Palladium-based catalysts are attractive for methane combustion on natural gas vehicles at low temperature. By means of ambient pressure X-ray photoelectron spectroscopy, we investigated the reaction on a palladium foil exposed to different mixtures at increasing temperature. Water affects the long-term catalyst stability and blocks the active sites, ascribed to the hydroxyl inhibition effect. We investigated such an effect both under steady state and under transient reaction conditions, to understand the mechanism of inhibition. The hydroxyl formation on the surface of palladium blocks the sites for methane activation, postponing the formation of the active palladium oxide phase in the bulk.
In situ X-ray photoelectron spectroscopy detects multiple active sites involved in the selective anaerobic oxidation of methane in copper-exchanged zeolites, Luca Artiglia, Vitaly Sushkevich, Dennis Palagin, Amy J. Knorpp, K. Roy and Jeroen A. van Bokhoven, ACS Catalysis volume 9, page 6728 (2019).
A direct route to convert methane into high-value commodities, such as methanol, with high selectivity is one of the primary challenges in modern chemistry. Copper-exchanged zeolites show remarkable selectivity in the chemical looping process. Although multiple copper species have been proposed as active, an in situ spectroscopic investigation is difficult, because of their similar fingerprints. We used ambient pressure X-ray photoelectron spectroscopy to investigate an actual powder sample. We could discriminate between different types of active species involved in the conversion of methane to methanol over two different copper-exchanged zeolites, namely, mordenite and mazzite. After activation at 400 °C in oxygen, we followed the reaction in situ at 200 °C, switching from methane to water, and followed by a second cycle with anaerobic activation. Our experimental results, combined with theoretical calculations, prove that Cu(II) sites bound to extra-framework oxygen are involved in the reaction, and that their structure, formation, and stabilization depend on the type of zeolite and on the Si/Al ratio.
A surface-stabilized ozonide triggers bromide oxidation at the aqueous solution-vapour interface, Luca Artiglia, et al., Nature Communications volume 8, article number:700 (2017).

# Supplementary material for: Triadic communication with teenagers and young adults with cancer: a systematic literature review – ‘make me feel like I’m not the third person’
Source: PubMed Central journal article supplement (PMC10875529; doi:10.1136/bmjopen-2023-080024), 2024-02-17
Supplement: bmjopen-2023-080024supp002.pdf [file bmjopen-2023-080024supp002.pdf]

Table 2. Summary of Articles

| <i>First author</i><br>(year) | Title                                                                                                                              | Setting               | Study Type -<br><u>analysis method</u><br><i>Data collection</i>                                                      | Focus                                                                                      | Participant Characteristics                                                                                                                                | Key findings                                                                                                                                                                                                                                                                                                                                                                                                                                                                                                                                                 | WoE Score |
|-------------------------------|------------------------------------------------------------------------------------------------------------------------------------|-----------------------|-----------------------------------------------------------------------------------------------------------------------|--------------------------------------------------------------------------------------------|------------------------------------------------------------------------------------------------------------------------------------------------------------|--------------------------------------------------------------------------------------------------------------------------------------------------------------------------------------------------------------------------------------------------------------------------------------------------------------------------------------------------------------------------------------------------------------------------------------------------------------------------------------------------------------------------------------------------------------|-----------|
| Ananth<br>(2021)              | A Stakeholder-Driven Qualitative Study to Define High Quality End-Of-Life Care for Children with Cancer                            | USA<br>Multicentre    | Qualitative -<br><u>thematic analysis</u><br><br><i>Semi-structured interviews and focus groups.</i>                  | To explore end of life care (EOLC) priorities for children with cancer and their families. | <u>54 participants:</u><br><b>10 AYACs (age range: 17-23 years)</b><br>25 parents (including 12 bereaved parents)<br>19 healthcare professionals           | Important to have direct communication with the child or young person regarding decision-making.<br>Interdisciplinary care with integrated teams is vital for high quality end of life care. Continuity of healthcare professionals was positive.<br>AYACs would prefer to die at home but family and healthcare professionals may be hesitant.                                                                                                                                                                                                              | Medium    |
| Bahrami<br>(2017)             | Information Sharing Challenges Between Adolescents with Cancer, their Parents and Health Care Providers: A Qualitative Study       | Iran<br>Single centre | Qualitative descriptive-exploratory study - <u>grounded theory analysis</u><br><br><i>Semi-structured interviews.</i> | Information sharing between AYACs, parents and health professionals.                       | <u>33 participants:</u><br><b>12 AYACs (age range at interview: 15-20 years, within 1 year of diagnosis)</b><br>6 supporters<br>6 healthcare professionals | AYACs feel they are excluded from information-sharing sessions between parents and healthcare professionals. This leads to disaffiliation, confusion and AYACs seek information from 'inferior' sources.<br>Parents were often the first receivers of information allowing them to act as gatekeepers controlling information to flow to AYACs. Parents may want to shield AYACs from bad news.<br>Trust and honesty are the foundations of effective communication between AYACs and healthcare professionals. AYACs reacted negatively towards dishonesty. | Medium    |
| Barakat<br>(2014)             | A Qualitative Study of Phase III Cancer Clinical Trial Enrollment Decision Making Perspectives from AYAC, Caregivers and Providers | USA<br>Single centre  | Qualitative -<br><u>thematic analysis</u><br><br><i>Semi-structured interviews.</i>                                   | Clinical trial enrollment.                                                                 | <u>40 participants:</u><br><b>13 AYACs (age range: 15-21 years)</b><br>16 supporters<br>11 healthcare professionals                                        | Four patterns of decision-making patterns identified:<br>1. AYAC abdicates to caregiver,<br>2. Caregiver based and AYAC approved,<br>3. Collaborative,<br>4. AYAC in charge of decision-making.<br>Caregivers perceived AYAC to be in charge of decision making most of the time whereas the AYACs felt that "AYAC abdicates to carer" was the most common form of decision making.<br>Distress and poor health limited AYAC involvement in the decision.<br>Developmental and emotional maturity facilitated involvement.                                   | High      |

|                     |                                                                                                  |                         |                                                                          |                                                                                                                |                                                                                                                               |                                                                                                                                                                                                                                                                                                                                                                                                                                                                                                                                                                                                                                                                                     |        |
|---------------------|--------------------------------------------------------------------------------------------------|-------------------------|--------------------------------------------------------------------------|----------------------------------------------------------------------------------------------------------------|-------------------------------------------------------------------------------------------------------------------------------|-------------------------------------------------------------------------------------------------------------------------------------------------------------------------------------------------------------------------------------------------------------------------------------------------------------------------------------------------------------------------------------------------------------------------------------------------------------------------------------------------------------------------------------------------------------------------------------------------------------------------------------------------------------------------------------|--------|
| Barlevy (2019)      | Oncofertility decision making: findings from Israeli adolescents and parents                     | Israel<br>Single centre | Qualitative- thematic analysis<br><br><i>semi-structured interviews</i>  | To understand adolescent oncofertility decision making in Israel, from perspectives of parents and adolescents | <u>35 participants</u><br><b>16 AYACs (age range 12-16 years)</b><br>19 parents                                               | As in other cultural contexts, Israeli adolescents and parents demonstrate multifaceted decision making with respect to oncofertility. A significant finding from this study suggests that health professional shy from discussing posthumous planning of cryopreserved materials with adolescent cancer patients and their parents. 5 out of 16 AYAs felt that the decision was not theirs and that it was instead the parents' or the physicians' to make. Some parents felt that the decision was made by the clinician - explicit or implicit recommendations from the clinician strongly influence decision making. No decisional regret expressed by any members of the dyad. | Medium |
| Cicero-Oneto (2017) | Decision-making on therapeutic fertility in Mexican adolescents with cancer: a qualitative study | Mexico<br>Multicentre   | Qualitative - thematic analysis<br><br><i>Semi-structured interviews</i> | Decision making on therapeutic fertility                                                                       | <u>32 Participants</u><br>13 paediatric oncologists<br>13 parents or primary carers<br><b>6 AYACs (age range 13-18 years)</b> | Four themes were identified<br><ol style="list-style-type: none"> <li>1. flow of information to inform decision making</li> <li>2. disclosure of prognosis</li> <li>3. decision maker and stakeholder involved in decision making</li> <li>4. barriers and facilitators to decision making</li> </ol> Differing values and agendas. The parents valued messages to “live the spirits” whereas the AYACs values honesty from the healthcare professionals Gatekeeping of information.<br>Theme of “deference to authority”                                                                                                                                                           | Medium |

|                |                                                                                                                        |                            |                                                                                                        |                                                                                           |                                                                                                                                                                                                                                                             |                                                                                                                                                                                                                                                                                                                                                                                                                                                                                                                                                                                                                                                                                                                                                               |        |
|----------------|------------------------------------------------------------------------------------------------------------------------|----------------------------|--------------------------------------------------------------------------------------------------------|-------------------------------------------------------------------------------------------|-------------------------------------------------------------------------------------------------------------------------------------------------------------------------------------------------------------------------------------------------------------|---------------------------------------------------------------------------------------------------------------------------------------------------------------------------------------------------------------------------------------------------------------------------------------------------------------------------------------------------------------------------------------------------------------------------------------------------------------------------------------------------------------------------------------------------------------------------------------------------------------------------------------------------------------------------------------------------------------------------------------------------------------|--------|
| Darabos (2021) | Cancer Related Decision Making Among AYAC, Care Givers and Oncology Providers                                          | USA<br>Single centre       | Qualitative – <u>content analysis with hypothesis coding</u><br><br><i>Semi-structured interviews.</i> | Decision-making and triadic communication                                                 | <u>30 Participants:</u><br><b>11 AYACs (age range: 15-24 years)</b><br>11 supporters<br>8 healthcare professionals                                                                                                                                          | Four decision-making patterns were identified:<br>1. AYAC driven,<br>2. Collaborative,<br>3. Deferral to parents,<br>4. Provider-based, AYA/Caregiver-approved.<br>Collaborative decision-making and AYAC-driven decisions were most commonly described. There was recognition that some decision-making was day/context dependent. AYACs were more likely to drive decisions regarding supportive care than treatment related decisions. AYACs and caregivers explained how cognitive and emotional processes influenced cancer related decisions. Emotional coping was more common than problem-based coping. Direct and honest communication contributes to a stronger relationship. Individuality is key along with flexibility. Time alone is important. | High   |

Oxidation of bromide in aqueous environments initiates the formation of molecular halogen compounds, which is important for the global tropospheric ozone budget. In the aqueous bulk, oxidation of bromide by ozone involves a [Br•OOO-] complex as intermediate. Here we report liquid jet X-ray photoelectron spectroscopy measurements that provide direct experimental evidence for the ozonide and establish its propensity for the solution-vapour interface. Theoretical calculations support these findings, showing that water stabilizes the ozonide and lowers the energy of the transition state at neutral pH. Kinetic experiments confirm the dominance of the heterogeneous oxidation route established by this precursor at low, atmospherically relevant ozone concentrations. Taken together, our results provide a strong case of different reaction kinetics and mechanisms of reactions occurring at the aqueous phase-vapour interface compared with the bulk aqueous phase.
Introducing time resolution to detect Ce3+ catalytically active sites at the Pt/CeO2 interface through ambient pressure X-ray photoelectron spectroscopy, Luca Artiglia, Fabrizio Orlando, Kanak Roy, Rene Kopelent, Olga Safonova, Maarten Nachtegaal, Thomas Huthwelker and Jeroen A. van Bokhoven, Journal of Physical Chemistry Letters volume 8, page 102 (2017).
X-ray photoelectron spectroscopy has been employed for the qualitative and quantitative characterization of both model and real catalytic surfaces. Recent progress in the detection of photoelectrons has enabled the acquisition of spectra at pressures up to a few tens of millibars. Although reducing the pressure gap represents a remarkable advantage for catalysis, active sites may be short-lived or hidden in the majority of spectator species. Time-resolved experiments, conducted under transient conditions, are a suitable strategy for discriminating between active sites and spectators. In the present work, we characterized the surface of a Pt/CeO2 powder catalyst at 1.0 mbar of a reacting mixture of carbon monoxide and oxygen and, by means of time resolution, identified short-lived active species. We replaced oxygen with nitrogen in the reaction mixture while fast-detecting the core level peaks of cerium. The results indicate that active Ce3+ sites form transiently at the surface when the oxygen is switched off. Analysis of the depth profile shows that Ce3+ ions are located at the ceria surface. The same experiment, performed on platinum-free ceria, reveals negligible reduction, indicating that platinum boosts the formation of Ce3+ active sites at the interface.